Monsters reclaims visual effects from the blockbusters - Gareth Edwards interview
- Paul Gallagher
- 30 November 2010
Paul Gallagher talks to the director and stars of brilliant new sci-fi horror Monsters
‘Doing visual effects for a living is like being a gynaecologist’, says Gareth Edwards, ‘when you do it every day at work, it doesn’t turn you on any more.’ So he decided to stop staring at pixels and pick up a camera. The result is Monsters, one of the most unique and surprising films of the year, an ingenious mix of indie romance, sci-fi road movie and CG trickery that positions Edwards as his generation’s answer to James Cameron. All he wanted was to reclaim visual effects from the blockbusters: ‘I really hate watching Hollywood films where you can tell they’ve made lots of effects people break their backs to do these shots, but the final emotional impact is nothing. So it was really important for me to put the record straight: what I did with this film is not technically groundbreaking, but I hope the choices that were made were to be bold and throw away visual effects, not make a big deal of them.’ Monsters takes place in an alternate, alien-invaded earth, but Edwards’ focus remains on two human characters, travelling through the Mexican ‘infected zone’ throughout: ‘My favourite bits in the film are when you have these crazy visual spectacles, and as a cameraman I’m more interested in this couple. I hope that’s infectious for the audience.’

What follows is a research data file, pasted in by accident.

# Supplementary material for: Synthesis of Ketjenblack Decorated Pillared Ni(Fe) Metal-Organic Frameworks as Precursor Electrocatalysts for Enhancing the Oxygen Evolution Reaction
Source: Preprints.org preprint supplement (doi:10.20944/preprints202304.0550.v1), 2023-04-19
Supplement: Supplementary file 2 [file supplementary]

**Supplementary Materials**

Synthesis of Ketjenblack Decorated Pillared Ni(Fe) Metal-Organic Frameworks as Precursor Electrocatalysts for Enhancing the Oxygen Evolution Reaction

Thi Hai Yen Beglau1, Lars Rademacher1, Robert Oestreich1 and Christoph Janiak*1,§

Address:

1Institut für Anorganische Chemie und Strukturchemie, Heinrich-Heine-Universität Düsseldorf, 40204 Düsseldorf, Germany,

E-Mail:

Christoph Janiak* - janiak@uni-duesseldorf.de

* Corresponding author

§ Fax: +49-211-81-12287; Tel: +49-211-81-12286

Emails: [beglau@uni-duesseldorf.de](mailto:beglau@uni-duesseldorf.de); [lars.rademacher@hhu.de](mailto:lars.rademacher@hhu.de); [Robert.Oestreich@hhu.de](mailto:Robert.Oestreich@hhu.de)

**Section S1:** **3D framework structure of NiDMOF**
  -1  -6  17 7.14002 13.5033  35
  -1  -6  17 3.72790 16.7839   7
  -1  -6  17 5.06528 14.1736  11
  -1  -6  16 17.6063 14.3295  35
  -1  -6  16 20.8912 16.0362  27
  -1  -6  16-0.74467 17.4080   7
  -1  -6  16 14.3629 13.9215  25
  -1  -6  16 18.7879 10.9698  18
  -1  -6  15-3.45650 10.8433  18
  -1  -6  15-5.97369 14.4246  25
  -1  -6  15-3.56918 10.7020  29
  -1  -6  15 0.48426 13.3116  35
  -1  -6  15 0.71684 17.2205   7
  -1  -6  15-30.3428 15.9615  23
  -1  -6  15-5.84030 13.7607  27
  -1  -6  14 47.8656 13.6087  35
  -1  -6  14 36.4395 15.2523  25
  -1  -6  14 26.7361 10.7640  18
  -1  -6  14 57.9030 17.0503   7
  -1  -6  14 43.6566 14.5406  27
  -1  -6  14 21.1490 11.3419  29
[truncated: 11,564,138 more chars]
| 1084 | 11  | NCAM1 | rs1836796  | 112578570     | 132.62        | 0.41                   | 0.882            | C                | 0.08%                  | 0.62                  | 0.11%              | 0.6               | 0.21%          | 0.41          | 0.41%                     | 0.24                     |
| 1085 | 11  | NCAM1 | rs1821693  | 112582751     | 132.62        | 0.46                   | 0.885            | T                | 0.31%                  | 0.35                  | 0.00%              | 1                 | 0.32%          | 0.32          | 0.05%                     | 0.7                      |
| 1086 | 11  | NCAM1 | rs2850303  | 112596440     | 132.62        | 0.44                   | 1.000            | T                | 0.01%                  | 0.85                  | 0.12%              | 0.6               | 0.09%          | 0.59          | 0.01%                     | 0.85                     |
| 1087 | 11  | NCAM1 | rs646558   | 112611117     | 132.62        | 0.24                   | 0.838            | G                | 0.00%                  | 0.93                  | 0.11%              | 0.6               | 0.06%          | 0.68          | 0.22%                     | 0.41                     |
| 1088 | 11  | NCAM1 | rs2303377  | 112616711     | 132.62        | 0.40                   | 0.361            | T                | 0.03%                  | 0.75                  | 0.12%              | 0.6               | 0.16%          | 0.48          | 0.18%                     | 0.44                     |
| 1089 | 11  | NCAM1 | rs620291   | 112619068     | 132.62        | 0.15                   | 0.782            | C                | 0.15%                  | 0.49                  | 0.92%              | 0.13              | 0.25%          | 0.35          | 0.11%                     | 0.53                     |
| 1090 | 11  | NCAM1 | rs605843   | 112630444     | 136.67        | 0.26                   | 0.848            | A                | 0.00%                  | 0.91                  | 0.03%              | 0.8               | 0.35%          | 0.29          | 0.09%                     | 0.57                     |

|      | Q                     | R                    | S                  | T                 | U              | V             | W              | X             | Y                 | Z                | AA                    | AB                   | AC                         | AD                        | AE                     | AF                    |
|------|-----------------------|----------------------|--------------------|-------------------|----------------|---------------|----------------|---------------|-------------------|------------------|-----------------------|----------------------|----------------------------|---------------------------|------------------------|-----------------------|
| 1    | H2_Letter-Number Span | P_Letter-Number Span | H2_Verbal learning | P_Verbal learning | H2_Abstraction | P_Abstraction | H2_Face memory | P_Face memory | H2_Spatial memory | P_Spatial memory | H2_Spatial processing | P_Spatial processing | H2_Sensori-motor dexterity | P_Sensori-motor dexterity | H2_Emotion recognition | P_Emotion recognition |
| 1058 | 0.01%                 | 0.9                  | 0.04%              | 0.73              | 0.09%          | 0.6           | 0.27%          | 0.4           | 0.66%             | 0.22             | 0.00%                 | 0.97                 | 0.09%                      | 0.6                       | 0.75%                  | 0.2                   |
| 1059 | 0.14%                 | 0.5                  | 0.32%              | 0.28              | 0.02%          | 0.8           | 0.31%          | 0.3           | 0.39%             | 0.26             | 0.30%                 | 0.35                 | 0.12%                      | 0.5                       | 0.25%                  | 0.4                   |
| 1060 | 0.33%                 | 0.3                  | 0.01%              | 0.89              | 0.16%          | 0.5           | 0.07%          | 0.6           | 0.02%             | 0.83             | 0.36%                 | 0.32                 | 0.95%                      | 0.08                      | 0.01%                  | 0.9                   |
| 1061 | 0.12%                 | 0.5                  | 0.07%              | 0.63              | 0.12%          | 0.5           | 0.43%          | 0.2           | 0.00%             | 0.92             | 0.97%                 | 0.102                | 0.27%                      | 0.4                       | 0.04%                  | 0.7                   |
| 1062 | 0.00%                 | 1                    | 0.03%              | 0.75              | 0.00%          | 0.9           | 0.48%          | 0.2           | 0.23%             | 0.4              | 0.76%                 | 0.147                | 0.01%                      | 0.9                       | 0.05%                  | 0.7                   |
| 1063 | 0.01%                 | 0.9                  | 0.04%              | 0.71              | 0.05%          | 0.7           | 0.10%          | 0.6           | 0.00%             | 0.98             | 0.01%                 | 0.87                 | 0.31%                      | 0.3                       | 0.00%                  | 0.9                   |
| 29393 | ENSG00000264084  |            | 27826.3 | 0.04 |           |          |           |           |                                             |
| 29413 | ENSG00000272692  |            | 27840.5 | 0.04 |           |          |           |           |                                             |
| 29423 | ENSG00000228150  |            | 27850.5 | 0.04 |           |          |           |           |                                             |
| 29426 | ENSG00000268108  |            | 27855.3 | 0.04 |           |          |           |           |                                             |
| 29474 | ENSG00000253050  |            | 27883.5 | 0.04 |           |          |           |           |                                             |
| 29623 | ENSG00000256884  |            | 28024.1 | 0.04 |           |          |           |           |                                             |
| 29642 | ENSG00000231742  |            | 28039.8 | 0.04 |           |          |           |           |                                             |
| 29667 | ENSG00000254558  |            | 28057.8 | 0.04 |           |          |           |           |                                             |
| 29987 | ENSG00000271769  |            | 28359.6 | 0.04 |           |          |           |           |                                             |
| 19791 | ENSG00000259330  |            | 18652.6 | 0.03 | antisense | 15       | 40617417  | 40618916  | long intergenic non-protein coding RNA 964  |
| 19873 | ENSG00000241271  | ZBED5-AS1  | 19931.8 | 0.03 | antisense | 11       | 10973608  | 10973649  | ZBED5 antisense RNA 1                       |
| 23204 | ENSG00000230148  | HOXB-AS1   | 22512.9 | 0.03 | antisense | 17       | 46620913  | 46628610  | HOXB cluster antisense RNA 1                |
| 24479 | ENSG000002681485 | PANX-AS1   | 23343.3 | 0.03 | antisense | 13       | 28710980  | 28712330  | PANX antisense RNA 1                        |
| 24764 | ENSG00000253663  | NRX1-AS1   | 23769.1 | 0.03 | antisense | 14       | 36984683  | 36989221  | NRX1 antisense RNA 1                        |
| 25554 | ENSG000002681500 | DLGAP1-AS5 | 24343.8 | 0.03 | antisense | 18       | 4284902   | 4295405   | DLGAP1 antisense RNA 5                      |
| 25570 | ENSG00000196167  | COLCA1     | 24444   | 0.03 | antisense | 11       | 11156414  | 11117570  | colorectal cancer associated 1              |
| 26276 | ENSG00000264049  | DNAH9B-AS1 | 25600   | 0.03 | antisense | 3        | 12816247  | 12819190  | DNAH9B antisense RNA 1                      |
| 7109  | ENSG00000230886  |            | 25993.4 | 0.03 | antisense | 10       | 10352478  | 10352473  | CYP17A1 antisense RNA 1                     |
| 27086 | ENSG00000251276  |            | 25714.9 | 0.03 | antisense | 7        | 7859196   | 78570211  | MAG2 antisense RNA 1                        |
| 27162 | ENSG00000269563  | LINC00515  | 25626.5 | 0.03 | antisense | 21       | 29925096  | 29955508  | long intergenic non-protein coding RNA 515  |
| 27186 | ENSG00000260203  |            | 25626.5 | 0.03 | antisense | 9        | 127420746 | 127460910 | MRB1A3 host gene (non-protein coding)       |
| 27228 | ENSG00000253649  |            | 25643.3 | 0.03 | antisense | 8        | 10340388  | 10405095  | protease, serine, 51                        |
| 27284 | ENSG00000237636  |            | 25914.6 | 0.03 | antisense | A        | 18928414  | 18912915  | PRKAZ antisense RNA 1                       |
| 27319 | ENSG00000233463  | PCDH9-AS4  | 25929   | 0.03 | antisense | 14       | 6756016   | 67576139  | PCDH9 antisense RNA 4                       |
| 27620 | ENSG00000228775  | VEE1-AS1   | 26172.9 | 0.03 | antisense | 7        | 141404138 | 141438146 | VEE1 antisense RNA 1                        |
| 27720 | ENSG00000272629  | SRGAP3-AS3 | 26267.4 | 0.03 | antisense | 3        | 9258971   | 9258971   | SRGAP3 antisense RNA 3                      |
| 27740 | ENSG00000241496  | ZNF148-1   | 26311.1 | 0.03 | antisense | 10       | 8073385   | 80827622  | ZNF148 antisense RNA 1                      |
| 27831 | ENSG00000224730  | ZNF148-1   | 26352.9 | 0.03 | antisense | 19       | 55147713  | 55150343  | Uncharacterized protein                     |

The couple are real-life husband and wife actors Scoot McNairy (In Search of a Midnight Kiss) and Whitney Able, who signed up for Edwards’ improvised Mexico shoot on the strength of one meeting and a 12-page plot treatment. ‘He’s a mad genius’, says McNairy, emphasising the mad: ‘We were down in Mexico City and Gareth needed people in gas masks, and this was just when swine flu came out. Gareth was like “this is amazing, everyone’s wearing masks, it’s perfect!” And Whitney and I were like, “well yes, but we don’t want to get swine flu and die”’. The seat-of-the-pants nature of the shoot was an ideal form of marriage preparation for the then-dating couple though: ‘I’m a huge outdoors guy’, says McNairy, ‘and I thought, if she can make it through this production – cos it’s going to be hell – I could definitely spend the rest of my life with her!’ For her part, Able relished the chance to do something that broke her out of the traditional confines of her stunning movie star looks: ‘Most [directors] want to put me in a box, being blonde and blue-eyed, so I was really excited to get a chance to show another side of myself.’ Edwards was clearly impressed: ‘It’s the Scoot and Whitney show, and I can’t imagine this film with anyone else.’
Monsters, general release from Fri 3 Dec.